Perhaps most importantly, the Fleet also kick-started another of Barcelona’s essential modern-day traits, mass tourism, as a commercial and leisure industry developed around the marines. As they still do today, the US Navy treated port stays something akin to those of cruise liners, laying on a host of tourist trips and cultural events to keep the young men occupied. So there were guided tours around the Gothic Quarter, visits to the cava cellars of Sant Sadurní d’Anoia and outings to the Tibidado funfair. The Rambles became the kitsch centre of this business, selling postcards and souvenirs including the Mexican hat: for, in some ways, weren’t the marines trying to project the atmosphere south of the US border which they associated with unrestrained pleasure? Similarly, bars opened with Tex-Mex names such as El Alamo, El Paso and Tequila. The seeds of the tourist city of today—open to the outside, cosmopolitan, a destination of masses, the tacky Rambles—lie in the arrival of the Sixth Fleet in Barcelona.
As the Fifties turned into the Sixties, a resurgent anti-Francoist movement increasingly rejected the American presence in the form of protests and even violent attacks, though most were little more than vandalism. By the Seventies, the marines, now seen as waging an imperialist war in Vietnam and occupying Spain, were no longer welcome in many areas of Barcelona. Finally, on December 26th, 1987, at 6pm, a young man walked up to No. 3 Plaça Medinaceli, home to Barcelona’s USO Center, an American officer’s social club, found in every town where the fleet moors, providing a place where officers can stop by, change some money, meet colleagues and have a beer. He slid a grenade-like device through the door, shouting “Long live free Lebanon!” in Catalan. Three marines were injured and one man, seaman Ronald Strong from Pennsylvania, died in hospital. Early police investigations led to elements connected with Terra Lliure, the Catalan terrorist outfit, but it did not seem to match their methods. Not long after, a similar grenade attack in Naples by Arab nationalists led the trail in this direction; it was the time of the US invasion of Lebanon. Today, we are no clearer as to the perpetrators, and their identity may never be known. Whatever the case, and despite declarations to the contrary, the incident spelled the end of the Navy’s presence in the city. Barcelona was no longer seen as a safe port, and within a few months the fleet had abandoned its waters.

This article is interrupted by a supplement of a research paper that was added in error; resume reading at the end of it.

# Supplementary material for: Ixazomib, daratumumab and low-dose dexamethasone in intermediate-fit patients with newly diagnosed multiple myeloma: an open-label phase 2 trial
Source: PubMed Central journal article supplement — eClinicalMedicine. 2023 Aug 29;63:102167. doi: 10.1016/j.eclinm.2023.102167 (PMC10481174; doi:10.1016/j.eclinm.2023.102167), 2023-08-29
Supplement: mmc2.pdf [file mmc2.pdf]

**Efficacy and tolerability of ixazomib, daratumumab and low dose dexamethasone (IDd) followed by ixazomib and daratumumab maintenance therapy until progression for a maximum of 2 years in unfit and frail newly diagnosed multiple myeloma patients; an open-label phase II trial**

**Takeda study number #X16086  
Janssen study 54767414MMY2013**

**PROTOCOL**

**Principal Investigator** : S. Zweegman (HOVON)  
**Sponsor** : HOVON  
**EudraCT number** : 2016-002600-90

Theros’s book takes a sympathetic look at both the Barcelona and American participants in this chapter of the city’s history. But behind his wonderful array of picaresque anecdotes, he superbly charts its social history at a time when there was very little to celebrate. It is a story that a politically-correct, belle gauche, posa’t guapa Barcelona has tried to forget, perhaps embarrassed by how the Yankee dollar helped to make it the vibrant, cosmopolitan place of today.
In a discrete corner of the Moll de la Fusta, in front of the World Trade Centre is the only monument in Barcelona entirely in English. It commemorates the death of 49 marines who perished in the waters of the harbour there. On the freezing cold night of January 17th, 1977, more than one hundred marines, many of who were worse for drink, clambered aboard a small launch. Some of them may have been brawling. Minutes later, the launch crashed into a Basque merchant ship, the Urlea—probably because of a navigational error on the part of the launch’s skipper—and capsized, throwing the marines overboard. Many died in the cold January waters of shock, hyperthermia or heart attack. Some managed to swim to the shore. A number survived for two hours in the air pocket formed under the boat, until they were rescued by the combined efforts of the Navy and the Barcelona salvage crews. There is not a great deal about this incident on the Internet. The Navy likes to keep information on its fatal accidents under wraps.